0570 Vector potential of stable flies (Stomoxys calcitrans) for transmission of porcine reproductive and respiratory syndrome virus (PRRSV)

Monday, November 17, 2008: 9:59 AM
Room D9, First Floor (Reno-Sparks Convention Center)
Kateryn Rochon , Department of Entomology, North Carolina State University, Raleigh, NC
D. Wes Watson , Entomology, North Carolina State University, Raleigh, NC
Rodney B. Baker , Veterinary Diagnostic and Production Animal Medicine, Iowa State University, Ames, IA

PRRS virus is responsible for important financial losses in the swine industry in the U.S. and worldwide. The virus replicates in macrophage cells of infected pigs resulting in pneumonia and late-term abortions in sows. The link between outbreaks in separate farms within an area despite biosecurity measures remains unclear. House flies (Musca domestica) and mosquitoes (Aedes vexans) can transmit the virus from pig to pig under laboratory conditions. Stable flies are commonly found around swine facilities and their persistent biting gives them potential as mechanical vectors of PRRS virus. We have investigated the vectorial potential of stable flies in the transmission of PRRS virus under laboratory conditions. Groups of stable flies fed blood containing PRRS virus or flies intrathoracically inoculated with the virus were sacrificed at different time intervals to determine virus persistence in the gut and hemolymph.  In transmission experiments, groups of virus-fed flies were also placed on naïve pigs for four subsequent blood meals, and the pigs monitored for signs of the disease. Active virus was recovered from stable fly guts, but detectable virus decreased with time, suggesting no virus replication in fly tissues. Intrathoracically inoculated stable flies had ~1,500 times more PRRSv copies/ml 48 h post inoculation compared to virus-fed flies. Transmission of the virus to naïve healthy pigs was unsuccessful under the current experimental conditions although all fly groups tested positive with virus isolation.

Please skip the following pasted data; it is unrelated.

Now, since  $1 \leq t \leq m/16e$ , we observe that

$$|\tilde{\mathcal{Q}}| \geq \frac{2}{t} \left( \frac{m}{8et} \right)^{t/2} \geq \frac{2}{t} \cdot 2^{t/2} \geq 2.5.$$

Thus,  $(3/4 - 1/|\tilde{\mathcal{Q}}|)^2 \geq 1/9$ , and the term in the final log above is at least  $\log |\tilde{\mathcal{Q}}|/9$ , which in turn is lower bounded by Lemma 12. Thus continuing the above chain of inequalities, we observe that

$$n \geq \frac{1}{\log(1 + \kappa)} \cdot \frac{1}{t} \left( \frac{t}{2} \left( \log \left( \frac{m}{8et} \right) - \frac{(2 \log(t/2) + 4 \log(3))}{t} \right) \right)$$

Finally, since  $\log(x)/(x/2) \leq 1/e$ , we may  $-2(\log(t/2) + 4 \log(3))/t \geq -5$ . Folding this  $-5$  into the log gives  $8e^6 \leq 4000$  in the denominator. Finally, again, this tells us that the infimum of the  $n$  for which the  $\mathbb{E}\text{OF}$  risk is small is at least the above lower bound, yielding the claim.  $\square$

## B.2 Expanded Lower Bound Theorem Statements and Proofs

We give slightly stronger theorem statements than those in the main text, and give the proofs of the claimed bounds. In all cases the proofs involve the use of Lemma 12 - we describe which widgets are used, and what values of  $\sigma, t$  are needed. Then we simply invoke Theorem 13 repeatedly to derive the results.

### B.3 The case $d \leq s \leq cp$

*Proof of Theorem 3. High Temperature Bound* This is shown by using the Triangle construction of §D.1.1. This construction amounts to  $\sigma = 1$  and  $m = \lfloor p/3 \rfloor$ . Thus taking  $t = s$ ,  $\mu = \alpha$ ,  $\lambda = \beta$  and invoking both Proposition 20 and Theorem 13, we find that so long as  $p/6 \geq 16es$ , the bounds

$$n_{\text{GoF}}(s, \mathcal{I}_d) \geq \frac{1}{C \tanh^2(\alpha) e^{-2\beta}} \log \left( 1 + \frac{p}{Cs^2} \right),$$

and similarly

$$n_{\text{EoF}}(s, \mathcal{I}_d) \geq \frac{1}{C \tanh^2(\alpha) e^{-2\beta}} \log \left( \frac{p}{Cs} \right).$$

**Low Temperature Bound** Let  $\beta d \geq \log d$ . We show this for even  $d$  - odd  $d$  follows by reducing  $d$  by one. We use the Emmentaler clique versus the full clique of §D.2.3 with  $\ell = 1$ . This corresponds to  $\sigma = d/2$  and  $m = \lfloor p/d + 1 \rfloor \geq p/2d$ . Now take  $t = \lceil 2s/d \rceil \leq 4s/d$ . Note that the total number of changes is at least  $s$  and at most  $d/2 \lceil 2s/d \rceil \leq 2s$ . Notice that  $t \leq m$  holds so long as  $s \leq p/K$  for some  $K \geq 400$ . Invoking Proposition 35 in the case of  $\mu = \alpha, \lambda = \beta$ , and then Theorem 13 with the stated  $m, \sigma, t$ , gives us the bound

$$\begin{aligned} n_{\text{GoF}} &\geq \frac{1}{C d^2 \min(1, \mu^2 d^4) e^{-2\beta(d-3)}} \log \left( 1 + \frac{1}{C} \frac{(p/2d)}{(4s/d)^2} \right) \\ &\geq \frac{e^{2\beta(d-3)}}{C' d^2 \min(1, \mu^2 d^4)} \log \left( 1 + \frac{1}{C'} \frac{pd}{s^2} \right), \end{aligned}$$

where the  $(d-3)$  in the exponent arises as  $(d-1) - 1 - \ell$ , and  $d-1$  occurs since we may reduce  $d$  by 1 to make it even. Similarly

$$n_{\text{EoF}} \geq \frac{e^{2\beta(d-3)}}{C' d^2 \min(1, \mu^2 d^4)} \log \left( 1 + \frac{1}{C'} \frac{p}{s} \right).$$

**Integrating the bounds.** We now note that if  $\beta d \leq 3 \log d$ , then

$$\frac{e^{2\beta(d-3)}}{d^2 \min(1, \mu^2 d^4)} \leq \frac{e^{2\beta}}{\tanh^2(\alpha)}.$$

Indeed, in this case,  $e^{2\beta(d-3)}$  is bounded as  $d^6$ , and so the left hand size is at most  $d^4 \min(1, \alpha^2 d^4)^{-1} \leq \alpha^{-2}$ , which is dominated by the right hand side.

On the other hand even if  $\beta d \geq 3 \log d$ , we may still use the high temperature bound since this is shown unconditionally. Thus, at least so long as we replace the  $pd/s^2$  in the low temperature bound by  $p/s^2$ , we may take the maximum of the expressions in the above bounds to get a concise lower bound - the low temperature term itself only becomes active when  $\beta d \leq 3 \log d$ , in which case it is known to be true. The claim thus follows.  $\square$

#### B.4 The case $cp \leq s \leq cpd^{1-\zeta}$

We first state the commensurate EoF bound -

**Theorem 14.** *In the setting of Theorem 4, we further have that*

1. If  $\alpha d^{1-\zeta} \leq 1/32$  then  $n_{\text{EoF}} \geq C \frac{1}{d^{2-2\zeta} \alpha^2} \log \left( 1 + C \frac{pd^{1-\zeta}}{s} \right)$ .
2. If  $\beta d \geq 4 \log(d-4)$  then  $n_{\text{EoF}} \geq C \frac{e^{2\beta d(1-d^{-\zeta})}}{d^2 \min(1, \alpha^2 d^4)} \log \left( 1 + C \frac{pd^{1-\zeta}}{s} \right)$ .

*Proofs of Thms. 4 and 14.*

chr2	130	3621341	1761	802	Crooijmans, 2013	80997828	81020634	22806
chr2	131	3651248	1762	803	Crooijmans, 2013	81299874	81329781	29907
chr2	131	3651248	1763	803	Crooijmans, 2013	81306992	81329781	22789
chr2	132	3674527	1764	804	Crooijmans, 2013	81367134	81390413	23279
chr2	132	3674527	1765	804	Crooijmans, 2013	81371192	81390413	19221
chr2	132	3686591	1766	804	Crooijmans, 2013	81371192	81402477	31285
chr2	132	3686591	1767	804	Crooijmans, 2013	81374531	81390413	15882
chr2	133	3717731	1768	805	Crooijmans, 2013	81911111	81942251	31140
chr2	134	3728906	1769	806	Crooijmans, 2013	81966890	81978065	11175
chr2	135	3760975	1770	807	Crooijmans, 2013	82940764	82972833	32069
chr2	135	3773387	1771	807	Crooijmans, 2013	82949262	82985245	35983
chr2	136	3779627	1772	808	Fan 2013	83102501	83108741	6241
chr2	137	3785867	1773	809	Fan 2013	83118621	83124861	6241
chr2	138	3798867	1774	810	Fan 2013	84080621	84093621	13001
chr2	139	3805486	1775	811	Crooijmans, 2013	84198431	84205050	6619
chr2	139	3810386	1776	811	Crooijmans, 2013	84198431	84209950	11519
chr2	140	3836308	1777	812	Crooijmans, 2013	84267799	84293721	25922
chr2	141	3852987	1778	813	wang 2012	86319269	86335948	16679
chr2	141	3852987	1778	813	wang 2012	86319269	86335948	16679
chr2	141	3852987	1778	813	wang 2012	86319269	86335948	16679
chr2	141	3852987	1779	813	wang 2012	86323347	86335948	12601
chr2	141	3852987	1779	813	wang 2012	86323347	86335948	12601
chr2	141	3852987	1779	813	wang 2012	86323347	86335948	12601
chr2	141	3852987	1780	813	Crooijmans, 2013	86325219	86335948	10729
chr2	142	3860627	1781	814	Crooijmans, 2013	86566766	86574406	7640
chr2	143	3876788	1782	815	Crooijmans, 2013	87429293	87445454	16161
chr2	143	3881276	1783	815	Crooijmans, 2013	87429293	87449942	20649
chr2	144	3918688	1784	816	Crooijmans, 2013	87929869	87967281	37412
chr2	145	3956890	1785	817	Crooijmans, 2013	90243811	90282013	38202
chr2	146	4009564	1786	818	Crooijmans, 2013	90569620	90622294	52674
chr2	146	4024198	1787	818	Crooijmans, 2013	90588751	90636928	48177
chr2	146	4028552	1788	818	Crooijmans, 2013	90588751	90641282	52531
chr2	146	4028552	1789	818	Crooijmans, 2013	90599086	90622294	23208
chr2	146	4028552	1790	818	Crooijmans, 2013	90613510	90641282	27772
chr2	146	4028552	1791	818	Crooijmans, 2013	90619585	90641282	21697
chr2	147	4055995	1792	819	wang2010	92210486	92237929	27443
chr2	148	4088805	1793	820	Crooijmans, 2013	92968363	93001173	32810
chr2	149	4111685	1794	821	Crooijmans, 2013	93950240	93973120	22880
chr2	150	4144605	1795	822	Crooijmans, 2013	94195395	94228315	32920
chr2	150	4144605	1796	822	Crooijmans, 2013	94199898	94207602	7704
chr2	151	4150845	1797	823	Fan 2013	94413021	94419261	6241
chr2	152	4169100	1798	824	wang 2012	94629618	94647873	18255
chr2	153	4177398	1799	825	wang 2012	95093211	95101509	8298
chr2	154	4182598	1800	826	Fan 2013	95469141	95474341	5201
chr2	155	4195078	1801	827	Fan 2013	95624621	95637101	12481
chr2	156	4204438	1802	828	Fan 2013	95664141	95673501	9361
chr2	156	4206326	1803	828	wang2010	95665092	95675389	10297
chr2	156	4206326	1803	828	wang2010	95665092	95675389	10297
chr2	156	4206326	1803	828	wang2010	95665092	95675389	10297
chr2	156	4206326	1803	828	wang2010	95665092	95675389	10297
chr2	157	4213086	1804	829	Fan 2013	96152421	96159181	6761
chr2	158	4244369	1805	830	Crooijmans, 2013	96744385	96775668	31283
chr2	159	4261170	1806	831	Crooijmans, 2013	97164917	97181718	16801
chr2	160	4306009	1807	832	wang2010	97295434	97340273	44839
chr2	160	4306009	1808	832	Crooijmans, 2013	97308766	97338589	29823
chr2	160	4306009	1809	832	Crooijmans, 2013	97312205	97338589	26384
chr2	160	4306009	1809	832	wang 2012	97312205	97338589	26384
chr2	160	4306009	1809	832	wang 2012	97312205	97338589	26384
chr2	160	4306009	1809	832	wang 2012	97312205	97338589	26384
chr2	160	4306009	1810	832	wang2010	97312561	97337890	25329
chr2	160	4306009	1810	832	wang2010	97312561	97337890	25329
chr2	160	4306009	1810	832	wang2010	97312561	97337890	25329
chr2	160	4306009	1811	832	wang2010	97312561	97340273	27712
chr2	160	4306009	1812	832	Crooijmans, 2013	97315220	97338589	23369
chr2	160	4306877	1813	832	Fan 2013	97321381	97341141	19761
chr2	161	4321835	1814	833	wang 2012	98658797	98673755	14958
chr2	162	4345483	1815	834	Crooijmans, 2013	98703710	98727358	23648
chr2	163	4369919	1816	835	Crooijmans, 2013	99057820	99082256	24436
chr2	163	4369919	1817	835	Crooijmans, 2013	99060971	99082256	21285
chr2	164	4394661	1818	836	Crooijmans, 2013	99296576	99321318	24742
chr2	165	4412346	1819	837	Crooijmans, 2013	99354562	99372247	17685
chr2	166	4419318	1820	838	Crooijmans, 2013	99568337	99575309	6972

doi: 10.1603/ICE.2016.38150